We are making some progress towards adjusting our audition practices. In this most recent round of negotiations, more orchestras have codified fully screened auditions. In the next few days, we will be taking a close look at our tenure review processes with an eye towards greater transparency.
But ultimately, the audition and tenure practices we employ are only as fair and free of bias as the individuals who utilize them. It is our responsibility—especially those of us here who hold positions of influence—to examine ourselves and our attitudes, to recognize implicit bias and microaggressions at work, and to help our colleagues at home do the same. I am excited that we are going to spend these next few days together exploring these ideas in greater detail.
As you know, this is my last ICSOM conference as Chair. It has been an honor for me to serve this great organization and to work closely with this amazing group of multitalented, dedicated individuals who comprise your governing board. They make me look better at this than I actually am. A few of them are most likely going to say things about me between now and Saturday—some of it may be true. But here is the thought I would like to leave you with:
I did nothing alone. The power of ICSOM is that we all participate—everyone here in this room, the governing board, you, our delegates, our Locals, Symphonic Services, and the AFM. We act together, sharing knowledge and pooling resources to strengthen our orchestras and improve the lives of our musicians at home. The passion that drives us to volunteer our time is to preserve our music and to keep the doors to our halls open. It is a passion that reaches far beyond our individual lives into our communities and our schools and into the practice of our art.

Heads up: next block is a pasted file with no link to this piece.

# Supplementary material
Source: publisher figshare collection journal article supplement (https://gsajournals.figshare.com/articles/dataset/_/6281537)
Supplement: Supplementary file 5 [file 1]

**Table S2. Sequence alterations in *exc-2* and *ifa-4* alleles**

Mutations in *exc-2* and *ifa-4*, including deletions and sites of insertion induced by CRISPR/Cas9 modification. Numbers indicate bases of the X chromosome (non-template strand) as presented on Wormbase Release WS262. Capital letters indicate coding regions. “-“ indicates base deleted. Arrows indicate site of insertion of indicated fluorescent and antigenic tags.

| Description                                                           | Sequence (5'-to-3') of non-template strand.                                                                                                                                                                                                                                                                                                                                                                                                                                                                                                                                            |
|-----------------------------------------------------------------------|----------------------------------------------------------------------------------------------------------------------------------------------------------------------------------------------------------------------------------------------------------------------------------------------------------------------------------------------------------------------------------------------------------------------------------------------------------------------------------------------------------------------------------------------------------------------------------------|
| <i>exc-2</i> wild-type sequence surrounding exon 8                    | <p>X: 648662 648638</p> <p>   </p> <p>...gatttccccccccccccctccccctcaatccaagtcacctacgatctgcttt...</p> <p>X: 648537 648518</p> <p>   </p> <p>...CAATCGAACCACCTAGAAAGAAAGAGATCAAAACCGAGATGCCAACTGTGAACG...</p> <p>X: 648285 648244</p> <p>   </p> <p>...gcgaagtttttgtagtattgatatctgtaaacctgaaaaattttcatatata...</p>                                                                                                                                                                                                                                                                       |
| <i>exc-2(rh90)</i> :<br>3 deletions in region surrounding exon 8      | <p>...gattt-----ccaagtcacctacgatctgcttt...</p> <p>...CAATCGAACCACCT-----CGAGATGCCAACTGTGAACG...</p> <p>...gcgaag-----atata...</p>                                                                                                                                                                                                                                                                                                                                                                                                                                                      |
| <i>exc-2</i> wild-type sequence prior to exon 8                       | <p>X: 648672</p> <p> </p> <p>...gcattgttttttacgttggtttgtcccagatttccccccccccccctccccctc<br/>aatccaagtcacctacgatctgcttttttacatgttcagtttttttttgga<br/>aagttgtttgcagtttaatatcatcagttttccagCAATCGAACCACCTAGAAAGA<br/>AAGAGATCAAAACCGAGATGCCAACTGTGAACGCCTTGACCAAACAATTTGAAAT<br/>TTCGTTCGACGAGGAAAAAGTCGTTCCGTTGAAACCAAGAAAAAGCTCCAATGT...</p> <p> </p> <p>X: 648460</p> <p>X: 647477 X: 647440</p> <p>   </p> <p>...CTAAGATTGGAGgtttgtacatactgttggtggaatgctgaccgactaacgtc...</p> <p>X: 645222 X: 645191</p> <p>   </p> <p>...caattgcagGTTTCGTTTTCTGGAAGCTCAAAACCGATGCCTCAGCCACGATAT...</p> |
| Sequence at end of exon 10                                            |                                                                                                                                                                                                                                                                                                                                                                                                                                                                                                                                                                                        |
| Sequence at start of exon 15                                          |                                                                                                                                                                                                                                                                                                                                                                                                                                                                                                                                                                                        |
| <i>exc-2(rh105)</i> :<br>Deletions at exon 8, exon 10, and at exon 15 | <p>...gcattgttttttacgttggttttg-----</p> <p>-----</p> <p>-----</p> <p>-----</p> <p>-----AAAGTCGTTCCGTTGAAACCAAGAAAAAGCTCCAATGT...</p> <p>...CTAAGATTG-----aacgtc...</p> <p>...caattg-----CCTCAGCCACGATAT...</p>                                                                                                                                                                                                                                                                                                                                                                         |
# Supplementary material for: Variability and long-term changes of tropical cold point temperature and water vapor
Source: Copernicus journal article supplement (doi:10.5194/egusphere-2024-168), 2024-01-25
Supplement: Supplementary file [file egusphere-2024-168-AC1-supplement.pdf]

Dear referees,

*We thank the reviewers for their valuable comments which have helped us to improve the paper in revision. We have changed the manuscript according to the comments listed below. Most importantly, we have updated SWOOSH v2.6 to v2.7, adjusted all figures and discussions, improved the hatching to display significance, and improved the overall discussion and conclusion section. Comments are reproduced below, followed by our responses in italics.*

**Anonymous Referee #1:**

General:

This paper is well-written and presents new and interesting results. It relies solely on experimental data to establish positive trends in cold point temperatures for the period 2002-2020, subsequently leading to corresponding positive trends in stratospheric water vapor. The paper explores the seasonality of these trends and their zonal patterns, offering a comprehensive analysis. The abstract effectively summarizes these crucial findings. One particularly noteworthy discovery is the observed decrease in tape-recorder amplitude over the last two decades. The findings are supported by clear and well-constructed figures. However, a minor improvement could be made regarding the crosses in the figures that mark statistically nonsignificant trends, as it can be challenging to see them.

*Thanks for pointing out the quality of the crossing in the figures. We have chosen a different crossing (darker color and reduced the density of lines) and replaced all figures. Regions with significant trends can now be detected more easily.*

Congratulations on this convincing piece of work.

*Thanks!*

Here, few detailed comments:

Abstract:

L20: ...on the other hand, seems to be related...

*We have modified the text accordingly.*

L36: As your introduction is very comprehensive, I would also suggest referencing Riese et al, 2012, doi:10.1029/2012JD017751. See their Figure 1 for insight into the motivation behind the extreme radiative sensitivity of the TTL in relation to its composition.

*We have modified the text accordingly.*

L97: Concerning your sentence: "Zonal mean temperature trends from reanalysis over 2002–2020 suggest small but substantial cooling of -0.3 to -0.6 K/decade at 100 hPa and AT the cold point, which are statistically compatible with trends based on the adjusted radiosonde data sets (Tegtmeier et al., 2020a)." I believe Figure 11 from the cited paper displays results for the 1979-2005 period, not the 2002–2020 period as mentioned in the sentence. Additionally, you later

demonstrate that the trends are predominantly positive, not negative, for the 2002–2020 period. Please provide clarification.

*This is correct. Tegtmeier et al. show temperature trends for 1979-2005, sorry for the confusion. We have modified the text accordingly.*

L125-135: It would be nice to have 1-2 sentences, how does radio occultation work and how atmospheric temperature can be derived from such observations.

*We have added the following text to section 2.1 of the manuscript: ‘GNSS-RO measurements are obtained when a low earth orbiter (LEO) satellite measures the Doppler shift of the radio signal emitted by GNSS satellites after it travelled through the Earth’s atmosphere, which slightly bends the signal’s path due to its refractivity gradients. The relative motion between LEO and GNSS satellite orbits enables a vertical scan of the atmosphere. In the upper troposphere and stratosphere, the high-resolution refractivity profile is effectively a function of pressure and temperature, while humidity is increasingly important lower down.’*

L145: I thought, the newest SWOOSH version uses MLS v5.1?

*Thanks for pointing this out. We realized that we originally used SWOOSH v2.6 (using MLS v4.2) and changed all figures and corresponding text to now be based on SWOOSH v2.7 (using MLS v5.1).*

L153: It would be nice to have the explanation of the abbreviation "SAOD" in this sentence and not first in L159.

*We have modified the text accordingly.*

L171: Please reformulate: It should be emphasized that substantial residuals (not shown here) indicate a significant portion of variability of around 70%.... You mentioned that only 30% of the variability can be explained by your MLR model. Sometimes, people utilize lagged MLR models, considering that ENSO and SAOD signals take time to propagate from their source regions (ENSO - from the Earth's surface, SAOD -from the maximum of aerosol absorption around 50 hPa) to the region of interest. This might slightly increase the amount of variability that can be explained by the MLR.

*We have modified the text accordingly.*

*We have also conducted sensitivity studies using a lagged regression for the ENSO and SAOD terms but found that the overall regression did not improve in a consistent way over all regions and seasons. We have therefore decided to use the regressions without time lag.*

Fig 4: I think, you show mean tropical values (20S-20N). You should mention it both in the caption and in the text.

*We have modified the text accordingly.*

The American Federation of Musicians and our Locals comprise the political framework that allows us to stand together, under the law as a union, to harness the power we possess to preserve our art, our livelihood, and our way of life.
It is unbelievable to me that I stood before you nearly seven years ago at the beginning of my service in this office and spoke about the insidious tyranny of the Trump presidency. And here we are again, or perhaps still, standing at the edge of that precipice.
In Timothy Snyder’s book, On Tyranny: 20 Lessons From the 20th Century, chapter two talks about defending the institutions that uphold our democracy. Snyder says, “Institutions don’t protect themselves; they go down like dominoes unless they are defended from the beginning.”.
Our institutions are ICSOM, the AFM, and our orchestras. These are what we must stand and defend through our active participation.
We here in this room are the backbone of our orchestral industry. The work you do through ICSOM and the AFM promotes the health and sustainability of your orchestras. It keeps our industry alive and, in its own way, it preserves our way of life and our democracy. It can be an onerous and exhausting task at times, but it is your dedication to your art, to your colleagues, and to this union that keeps our orchestras on stage and our musicians employed.
So let’s get to work.